Oppressive Regimes Reach Beyond Their Borders

“”In countries like Vietnam and Australia, Chinese agents have simply abducted their prey, whether the targets were dissidents or people accused of corruption,” ProPublica reported after its own investigation.

While “China conducts the most sophisticated, global, and comprehensive campaign of transnational repression in the world,” according to Freedom House, it’s hardly alone. Russia’s overseas effort “accounts for 7 of 26 assassinations or assassination attempts since 2014, as catalogued in Freedom House’s global survey”; former spy Sergei Skripal and his daughter Yulia were targeted in the United Kingdom in 2018 in an attack that resulted in the death of a local woman. Saudi Arabia’s government plotted what a UN special rapporteur described as “a premeditated extrajudicial execution” of journalist Jamal Khashoggi in Turkey. Turkey, in turn, has developed a reputation for leaning on other governments “to hand over individuals without due process, or with a slight fig leaf of legality,” in the words of the report.”

Why Biden’s statement recognizing the Armenian genocide is a big deal

“President Joe Biden became the first US president to formally refer to atrocities committed against Armenians as a “genocide””

“Previous presidents have refrained from using the word “genocide” in connection with the mass atrocities committed against the Armenian people in the early 20th century, and Turkey categorically denies that a genocide took place. So Biden’s declaration marks a major break from precedent, and could signal an increase in tensions with Turkey, a longtime US and NATO ally.”

“Previous presidents, including George W. Bush and Barack Obama, made similar campaign promises to recognize the Armenian genocide, but never followed through while in office, and Bush later called on Congress to reject such a designation. In 1981, Ronald Reagan made a passing reference to “the genocide of the Armenians” during a speech commemorating victims of the Holocaust.”

“other factors have already chilled the US-Turkey relationship. In December of last year, for example, shortly before Biden took office, the US imposed sanctions on Turkey for purchasing Russian military hardware. In 2019, the US also removed Turkey from its joint F-35 stealth fighter program over the same purchase.”

Why Trump just sanctioned NATO ally Turkey

“The United States is finally punishing Turkey for purchasing a Russian missile defense system, a long-anticipated move that is likely to increase tensions with a NATO ally.”

“the Trump administration imposed sanctions on Turkey for its purchase of the Russian-made S-400 surface-to-air missile defense system. The administration ordered the penalties under a section of the Countering America’s Adversaries Through Sanctions Act (CAATSA), which gives the president the power to sanction people or entities that do business with Russia’s intelligence or defense sectors. The sanctions specifically target Turkey’s defense procurement agency, known as the Presidency of Defense Industries (SSB), and its senior officials.”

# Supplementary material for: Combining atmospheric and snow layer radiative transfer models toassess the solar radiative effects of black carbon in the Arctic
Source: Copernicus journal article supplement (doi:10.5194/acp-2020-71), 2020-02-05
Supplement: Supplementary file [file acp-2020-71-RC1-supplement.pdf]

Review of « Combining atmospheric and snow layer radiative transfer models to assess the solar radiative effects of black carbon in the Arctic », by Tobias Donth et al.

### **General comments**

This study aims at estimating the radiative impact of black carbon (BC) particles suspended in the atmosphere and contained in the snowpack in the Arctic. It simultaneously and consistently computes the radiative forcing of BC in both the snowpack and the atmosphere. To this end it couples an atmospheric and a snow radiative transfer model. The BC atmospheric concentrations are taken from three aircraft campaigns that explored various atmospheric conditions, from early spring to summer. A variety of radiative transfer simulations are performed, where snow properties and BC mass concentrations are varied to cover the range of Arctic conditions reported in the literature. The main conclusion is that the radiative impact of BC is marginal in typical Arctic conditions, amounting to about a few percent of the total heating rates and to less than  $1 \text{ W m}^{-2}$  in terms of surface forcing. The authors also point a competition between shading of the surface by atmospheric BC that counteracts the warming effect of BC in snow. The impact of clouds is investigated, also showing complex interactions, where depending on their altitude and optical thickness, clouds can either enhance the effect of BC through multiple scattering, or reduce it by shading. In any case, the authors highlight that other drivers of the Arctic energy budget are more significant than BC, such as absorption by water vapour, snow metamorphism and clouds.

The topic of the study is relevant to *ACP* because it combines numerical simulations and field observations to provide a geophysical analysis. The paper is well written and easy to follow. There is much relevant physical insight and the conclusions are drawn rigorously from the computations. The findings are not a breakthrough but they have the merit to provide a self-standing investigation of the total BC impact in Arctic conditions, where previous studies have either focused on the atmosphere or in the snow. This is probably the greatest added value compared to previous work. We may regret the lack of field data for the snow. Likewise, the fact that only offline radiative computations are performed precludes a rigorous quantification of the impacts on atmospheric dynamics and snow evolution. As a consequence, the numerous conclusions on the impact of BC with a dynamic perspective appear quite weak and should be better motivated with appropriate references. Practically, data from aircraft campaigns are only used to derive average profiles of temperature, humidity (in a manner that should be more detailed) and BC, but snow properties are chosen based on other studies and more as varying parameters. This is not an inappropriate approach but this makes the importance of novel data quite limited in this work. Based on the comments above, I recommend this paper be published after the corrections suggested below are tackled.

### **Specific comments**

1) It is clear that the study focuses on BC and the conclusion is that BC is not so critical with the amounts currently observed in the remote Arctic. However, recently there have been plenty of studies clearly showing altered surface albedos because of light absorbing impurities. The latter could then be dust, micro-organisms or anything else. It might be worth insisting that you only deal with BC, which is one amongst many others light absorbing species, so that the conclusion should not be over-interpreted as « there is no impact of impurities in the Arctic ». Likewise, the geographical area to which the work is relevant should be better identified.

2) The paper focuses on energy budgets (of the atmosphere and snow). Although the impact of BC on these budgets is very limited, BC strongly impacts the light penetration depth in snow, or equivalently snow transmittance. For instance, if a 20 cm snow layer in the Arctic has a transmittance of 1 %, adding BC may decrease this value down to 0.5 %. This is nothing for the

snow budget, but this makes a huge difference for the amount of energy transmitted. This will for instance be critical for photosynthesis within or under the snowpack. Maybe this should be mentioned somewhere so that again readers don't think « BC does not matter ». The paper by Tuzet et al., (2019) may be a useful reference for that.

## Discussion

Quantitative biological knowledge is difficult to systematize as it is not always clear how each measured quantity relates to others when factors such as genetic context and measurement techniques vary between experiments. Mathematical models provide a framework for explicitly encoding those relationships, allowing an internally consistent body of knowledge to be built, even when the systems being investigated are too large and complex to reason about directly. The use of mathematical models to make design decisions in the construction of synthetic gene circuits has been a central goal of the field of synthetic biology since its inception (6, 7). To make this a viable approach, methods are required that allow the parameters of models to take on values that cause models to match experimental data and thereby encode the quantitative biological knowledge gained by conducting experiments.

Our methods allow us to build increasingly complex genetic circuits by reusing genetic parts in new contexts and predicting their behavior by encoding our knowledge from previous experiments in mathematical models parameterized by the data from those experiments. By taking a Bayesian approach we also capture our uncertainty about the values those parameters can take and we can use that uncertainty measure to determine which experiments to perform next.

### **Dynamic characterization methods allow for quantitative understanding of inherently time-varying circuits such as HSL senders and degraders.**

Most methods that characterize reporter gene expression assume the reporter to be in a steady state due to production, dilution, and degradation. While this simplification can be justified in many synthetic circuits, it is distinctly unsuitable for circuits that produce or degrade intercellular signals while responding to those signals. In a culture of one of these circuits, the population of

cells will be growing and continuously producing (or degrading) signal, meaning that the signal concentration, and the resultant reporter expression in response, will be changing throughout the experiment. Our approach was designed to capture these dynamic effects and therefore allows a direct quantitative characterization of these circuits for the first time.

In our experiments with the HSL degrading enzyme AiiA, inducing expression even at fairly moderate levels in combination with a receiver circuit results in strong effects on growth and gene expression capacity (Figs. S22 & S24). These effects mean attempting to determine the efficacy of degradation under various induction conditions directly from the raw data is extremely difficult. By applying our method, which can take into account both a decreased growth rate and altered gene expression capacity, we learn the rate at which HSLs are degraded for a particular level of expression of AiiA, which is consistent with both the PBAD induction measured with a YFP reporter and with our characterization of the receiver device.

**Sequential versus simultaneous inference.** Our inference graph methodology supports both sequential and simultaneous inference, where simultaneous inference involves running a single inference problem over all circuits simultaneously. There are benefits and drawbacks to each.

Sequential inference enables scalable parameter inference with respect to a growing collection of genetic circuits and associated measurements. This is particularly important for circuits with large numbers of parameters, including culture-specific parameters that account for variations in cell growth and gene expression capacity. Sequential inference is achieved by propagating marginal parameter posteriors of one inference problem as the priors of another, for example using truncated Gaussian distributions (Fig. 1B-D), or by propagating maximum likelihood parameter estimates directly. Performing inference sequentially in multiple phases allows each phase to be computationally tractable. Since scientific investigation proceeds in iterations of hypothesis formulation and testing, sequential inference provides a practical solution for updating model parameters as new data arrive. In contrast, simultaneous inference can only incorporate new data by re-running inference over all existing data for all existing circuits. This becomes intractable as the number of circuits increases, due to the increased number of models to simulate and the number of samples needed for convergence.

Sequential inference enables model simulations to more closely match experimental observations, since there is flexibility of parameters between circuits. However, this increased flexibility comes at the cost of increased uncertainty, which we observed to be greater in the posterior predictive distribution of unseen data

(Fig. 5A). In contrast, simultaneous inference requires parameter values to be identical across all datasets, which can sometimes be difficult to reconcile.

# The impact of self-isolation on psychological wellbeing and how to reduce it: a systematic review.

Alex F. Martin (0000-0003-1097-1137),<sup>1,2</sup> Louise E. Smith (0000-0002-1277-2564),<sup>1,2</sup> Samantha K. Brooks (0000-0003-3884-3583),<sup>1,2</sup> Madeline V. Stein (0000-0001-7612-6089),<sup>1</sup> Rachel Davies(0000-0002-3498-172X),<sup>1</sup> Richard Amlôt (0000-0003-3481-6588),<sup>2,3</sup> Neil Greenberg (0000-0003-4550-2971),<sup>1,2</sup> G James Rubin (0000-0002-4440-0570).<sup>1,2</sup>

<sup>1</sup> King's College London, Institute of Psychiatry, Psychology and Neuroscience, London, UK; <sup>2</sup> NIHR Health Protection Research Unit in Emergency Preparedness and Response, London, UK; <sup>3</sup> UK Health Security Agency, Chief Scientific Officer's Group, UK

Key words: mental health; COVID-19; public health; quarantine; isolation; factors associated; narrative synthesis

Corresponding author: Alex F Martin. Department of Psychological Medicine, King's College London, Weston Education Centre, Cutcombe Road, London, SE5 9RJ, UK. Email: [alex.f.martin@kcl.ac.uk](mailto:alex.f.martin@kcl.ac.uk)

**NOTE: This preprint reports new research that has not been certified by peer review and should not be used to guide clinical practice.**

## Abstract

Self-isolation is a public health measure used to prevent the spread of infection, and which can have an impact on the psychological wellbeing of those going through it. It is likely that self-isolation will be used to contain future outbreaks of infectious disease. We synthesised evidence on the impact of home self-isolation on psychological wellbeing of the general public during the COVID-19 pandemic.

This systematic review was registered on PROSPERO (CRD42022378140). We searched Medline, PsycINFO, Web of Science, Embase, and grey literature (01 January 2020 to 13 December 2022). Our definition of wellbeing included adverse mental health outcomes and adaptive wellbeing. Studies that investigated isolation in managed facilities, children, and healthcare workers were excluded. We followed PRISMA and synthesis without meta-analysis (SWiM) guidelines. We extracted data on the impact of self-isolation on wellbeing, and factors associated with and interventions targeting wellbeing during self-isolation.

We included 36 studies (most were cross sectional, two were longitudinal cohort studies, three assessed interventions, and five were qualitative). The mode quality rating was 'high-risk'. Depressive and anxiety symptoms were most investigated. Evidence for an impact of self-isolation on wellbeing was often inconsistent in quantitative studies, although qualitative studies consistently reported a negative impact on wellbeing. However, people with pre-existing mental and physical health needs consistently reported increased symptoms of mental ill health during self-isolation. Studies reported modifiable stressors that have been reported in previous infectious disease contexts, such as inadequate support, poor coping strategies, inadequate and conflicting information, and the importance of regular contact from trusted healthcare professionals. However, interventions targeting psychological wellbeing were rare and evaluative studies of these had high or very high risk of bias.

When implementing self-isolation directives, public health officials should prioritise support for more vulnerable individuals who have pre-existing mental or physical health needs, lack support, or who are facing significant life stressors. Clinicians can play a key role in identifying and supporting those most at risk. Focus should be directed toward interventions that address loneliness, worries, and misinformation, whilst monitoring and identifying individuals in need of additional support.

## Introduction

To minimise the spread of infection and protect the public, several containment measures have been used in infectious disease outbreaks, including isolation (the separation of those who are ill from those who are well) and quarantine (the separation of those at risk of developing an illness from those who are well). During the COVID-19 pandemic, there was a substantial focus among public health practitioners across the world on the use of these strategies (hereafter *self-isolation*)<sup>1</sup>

“Turkey acquired the defense system last year, after repeated warnings by the Trump administration not to do so because they do not want a NATO ally relying on Russian systems. US officials also said Turkey’s use of the S-400 jeopardized America’s F-35 fighter jet program, over fears the Russian system’s radars could collect intelligence on the F-35s.

In response, the US removed Turkey from its F-35 fighter jet program, which barred the country from getting the jets and restricted any Turkish personnel from working with the planes. Still, bipartisan members of Congress continued to push for harsher punishment of Turkey, including sanctions.

Turkey’s decision to purchase the Russian system further strained relations between Washington and Ankara. Turkish President Recep Tayyip Erdoğan has consolidated power in recent years, becoming more explicitly authoritarian and cracking down on dissent, including by jailing journalists and others he perceives as his political enemies.

Erdoğan was angered by the US’s decision to ally with the Kurds in the fight against ISIS in Syria, as Erdoğan associates them with the Kurdistan Workers’ Party, a terrorist group that’s waged attacks in Turkey. He has also bristled at the US’s refusal to extradite a US-based cleric whom Erdoğan blames for a 2016 coup attempt.

Beyond Turkey’s flirtation with Russia, Turkey has also tried to exert its regional influence in places like Syria and Libya and the eastern Mediterranean Sea, where its gas exploration efforts have increased tensions with Greece and other NATO allies in the European Union, too. (The EU is also considering sanctions against Turkey.)

But despite issuing lots of admonitions, the Trump administration didn’t move forward with the CAATSA sanctions. Some attributed Trump’s refusal to do so to his personal affinity for Erdoğan.